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Charlie Arnott has a simple philosophy – happy cattle produce the best beef.

To do this, his cattle graze pastures rich in grass, forbs and legume species that are free of chemicals. The cattle are also handled with the greatest of care and respect, using animal husbandry second to none. “Quite simply our cattle are happy, and as a result, our beef is the healthiest, most nutritious, clean and sustainable beef you could feed your family,” says Mr Arnott.

The Arnott family have bred and grown Shorthorn cattle at ‘Hanaminno’, Boorowa for 45 years. Michael Arnott, the great, great grandson of William Arnott, the man who started the Famous Arnott’s Biscuit Company, decided after 8 years in the Homebush biscuit factory in Sydney to break with tradition, and given his strong family ties with the bush, moved to Boorowa after a few years in Southern Queensland. His son, Charlie Arnott, took over the reins in 1997.

“Our cattle spend all their lives on our property, without the use of chemicals, vaccinations or hormones. We use organic and Biodynamic principles to manage our soils, grasses, trees and animals, ensuring that all aspects of our environment are considered in a holistic fashion, giving due consideration to the intricate relationships and balance that exists between all living things within the boundaries of our property,” says Mr Arnott.

Five years ago the Arnott’s were introduced to the practice of weaning the cattle with EasyWean noserings, when Dick Richardson took on the management of the breeders. Mr Richardson, well known as the ‘Grazing Guru’ for his insights on grazing management and the relationship between animals, farmers and the ecology, has been using noserings to wean calves for over 20 years.

Weaning with EasyWean noserings is a stress-free weaning method that fits right in with the Arnott philosophy of ensuring happy cattle.

“We put the noserings in when the calves are eight months of age and leave them on their mothers for just 4 days. We then draft them off their mothers and walk them away with the few pregnancy-tested empty cows to another block, where we then remove the noserings,” explains Mr Richardson.

Mr Arnott says “normally when weaners are taken off their mothers for the first time, they are flighty and stressed and all they want to do is get back to Mum. But by doing a gradual weaning using EasyWean noserings, the calves are given enough time to gently break the bond with Mum so they can move on to become their own mob, graze happily and put on weight.”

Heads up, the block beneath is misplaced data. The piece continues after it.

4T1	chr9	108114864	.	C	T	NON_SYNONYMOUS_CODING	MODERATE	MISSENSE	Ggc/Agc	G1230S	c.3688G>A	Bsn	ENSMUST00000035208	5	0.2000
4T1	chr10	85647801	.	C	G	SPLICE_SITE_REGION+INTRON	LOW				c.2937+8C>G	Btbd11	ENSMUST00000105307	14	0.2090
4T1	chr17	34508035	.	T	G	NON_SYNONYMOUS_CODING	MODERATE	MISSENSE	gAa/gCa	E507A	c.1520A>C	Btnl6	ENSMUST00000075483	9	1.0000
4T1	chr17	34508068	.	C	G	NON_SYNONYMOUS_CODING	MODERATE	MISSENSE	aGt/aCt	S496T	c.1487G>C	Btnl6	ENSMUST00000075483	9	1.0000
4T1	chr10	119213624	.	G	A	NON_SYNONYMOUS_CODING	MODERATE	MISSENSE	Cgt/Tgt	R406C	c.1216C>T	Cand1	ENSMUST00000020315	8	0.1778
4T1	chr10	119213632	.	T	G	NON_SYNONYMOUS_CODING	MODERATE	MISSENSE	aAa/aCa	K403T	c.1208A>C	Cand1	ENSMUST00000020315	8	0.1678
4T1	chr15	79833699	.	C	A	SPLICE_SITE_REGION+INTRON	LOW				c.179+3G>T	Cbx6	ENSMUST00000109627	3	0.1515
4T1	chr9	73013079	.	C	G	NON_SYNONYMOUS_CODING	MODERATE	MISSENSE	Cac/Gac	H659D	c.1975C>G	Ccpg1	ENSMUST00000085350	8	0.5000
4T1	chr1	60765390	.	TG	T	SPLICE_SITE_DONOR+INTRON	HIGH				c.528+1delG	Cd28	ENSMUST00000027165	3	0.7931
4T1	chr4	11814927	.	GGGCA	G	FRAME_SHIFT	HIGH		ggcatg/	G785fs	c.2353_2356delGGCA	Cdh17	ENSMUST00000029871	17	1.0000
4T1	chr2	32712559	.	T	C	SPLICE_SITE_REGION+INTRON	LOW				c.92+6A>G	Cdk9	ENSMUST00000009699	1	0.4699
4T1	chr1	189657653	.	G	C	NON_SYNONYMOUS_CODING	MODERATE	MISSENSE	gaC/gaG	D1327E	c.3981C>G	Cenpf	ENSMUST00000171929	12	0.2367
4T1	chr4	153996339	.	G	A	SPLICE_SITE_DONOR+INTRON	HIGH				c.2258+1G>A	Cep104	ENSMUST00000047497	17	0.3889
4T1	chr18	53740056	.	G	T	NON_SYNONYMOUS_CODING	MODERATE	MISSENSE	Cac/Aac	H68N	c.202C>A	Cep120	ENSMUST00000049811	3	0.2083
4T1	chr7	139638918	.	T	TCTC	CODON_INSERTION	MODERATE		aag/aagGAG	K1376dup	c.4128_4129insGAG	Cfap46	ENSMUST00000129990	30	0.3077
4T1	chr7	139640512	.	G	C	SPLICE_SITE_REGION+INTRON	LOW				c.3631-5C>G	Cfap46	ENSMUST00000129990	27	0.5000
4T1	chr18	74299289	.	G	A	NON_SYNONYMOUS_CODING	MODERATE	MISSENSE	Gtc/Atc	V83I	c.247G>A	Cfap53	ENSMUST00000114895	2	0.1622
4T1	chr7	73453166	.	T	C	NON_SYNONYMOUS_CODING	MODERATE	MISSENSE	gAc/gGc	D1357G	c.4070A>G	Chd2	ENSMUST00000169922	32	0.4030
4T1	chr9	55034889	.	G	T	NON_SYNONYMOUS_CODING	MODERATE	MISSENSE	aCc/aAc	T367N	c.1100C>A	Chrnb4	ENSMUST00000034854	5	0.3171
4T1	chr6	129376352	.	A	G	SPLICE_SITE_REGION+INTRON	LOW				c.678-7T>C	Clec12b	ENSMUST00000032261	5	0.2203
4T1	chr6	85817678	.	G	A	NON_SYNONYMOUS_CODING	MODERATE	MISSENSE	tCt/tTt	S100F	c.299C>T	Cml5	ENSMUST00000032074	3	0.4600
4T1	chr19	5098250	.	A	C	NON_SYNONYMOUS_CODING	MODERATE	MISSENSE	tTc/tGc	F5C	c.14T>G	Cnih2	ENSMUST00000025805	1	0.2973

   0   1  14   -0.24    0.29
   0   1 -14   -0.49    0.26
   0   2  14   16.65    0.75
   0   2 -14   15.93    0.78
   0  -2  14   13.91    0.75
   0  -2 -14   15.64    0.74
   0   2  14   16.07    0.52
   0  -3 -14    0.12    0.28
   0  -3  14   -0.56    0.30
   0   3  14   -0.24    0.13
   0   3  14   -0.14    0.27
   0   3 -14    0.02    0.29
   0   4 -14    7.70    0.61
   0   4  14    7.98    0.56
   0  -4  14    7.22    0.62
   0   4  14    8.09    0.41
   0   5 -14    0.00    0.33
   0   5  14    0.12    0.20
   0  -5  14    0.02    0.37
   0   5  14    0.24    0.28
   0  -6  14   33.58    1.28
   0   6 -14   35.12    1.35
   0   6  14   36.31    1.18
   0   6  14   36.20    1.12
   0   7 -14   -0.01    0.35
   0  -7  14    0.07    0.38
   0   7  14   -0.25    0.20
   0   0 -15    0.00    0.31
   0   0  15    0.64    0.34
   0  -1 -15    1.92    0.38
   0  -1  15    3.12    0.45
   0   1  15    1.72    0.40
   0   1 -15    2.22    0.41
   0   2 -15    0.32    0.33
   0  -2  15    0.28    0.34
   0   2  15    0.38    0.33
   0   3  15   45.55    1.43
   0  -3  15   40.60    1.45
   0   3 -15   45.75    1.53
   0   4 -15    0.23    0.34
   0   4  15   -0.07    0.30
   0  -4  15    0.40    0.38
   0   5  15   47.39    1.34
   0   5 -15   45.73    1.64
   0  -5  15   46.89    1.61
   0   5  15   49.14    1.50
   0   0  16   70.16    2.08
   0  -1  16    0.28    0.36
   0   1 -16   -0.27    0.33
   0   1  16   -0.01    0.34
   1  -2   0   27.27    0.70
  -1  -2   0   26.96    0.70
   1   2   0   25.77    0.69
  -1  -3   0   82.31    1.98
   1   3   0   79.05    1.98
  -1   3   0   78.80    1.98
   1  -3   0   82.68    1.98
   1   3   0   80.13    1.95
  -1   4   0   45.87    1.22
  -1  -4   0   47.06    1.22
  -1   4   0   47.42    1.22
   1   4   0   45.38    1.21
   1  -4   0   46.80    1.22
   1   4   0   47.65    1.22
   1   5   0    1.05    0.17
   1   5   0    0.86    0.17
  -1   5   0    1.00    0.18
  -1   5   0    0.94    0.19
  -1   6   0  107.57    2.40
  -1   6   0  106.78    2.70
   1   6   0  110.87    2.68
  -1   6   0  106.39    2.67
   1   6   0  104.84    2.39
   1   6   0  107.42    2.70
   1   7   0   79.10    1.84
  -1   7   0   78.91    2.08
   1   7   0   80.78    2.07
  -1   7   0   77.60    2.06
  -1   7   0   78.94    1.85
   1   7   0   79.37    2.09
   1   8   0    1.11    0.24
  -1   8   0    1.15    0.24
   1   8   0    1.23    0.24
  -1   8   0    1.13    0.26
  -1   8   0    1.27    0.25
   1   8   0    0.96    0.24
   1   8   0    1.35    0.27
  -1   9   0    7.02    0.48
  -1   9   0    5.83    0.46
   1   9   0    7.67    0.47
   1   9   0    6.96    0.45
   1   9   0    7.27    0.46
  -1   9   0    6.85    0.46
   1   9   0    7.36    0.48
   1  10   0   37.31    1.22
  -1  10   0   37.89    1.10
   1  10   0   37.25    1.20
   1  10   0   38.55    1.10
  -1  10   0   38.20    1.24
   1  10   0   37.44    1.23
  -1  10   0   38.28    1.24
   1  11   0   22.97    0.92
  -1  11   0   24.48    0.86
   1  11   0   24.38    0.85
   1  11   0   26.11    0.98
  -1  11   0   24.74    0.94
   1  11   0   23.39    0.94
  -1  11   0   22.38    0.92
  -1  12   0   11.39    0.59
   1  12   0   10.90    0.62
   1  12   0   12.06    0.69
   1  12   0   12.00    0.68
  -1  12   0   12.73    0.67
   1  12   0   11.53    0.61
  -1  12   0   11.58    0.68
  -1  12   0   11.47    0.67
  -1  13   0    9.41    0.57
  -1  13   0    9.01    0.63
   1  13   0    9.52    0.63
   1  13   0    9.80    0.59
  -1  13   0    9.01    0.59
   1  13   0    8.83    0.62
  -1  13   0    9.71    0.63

“It is critical if you can retain weight gain while animals are being weaned. Traditionally one can expect a weaner to lose 15kgs during the weaning process. Our cattle put on 15kgs which in the end is a 30kg benefit,” said Mr Arnott.

Mr Richardson explains “When I first used noserings, I used to put the rings in for four weeks. I later learned by accident that, with this way of weaning, four days was long enough to wean calves and that fewer calves go back to suckling or wean with difficulty if weaned inside of a week. So now we put them in for only a week. Putting them in to a mob on the Thursday, we walk the calves away on the following Monday, removing the rings anytime later that week. The additional trekking and yarding for ring removal that the calves get during the week helps break them in to people, handling and moving off dogs. This also solves the only problem we have ever had using noserings – if the nosering is left in too long, and with the animal growing through the process, the ring gets very tight eventually piercing the septum.”

The pastures at Boorowa provide a diverse mix of lush, green feed perfect to ensure happy cattle at that time of year. It includes phalaris, cocksfoot and broad leafed plants such as chickory, plantain and Patterson’s curse, providing copper and other nutrients. Clover and a number of native species such as Red, Wallaby and Kangaroo grasses as well as wild trefoil and geranium are also present.

The meat is then sold under the brand “Charlie Arnott Natural Grass Fed Beef” which has recently achieved Pasturefed Cattle Assurance System accreditation – one of the few producers to have achieved this status in Australia.

A paddock to plate approach to beef production coupled with frustration from fluctuating cattle prices prompted beef producers George and Anna Hetherington to create their Mitchell Grass Meats brands in 2007.

The Hetheringtons say their overall focus has always been to provide quality grass fed, chemical-free and flavoursome meat direct to their customers across Queensland.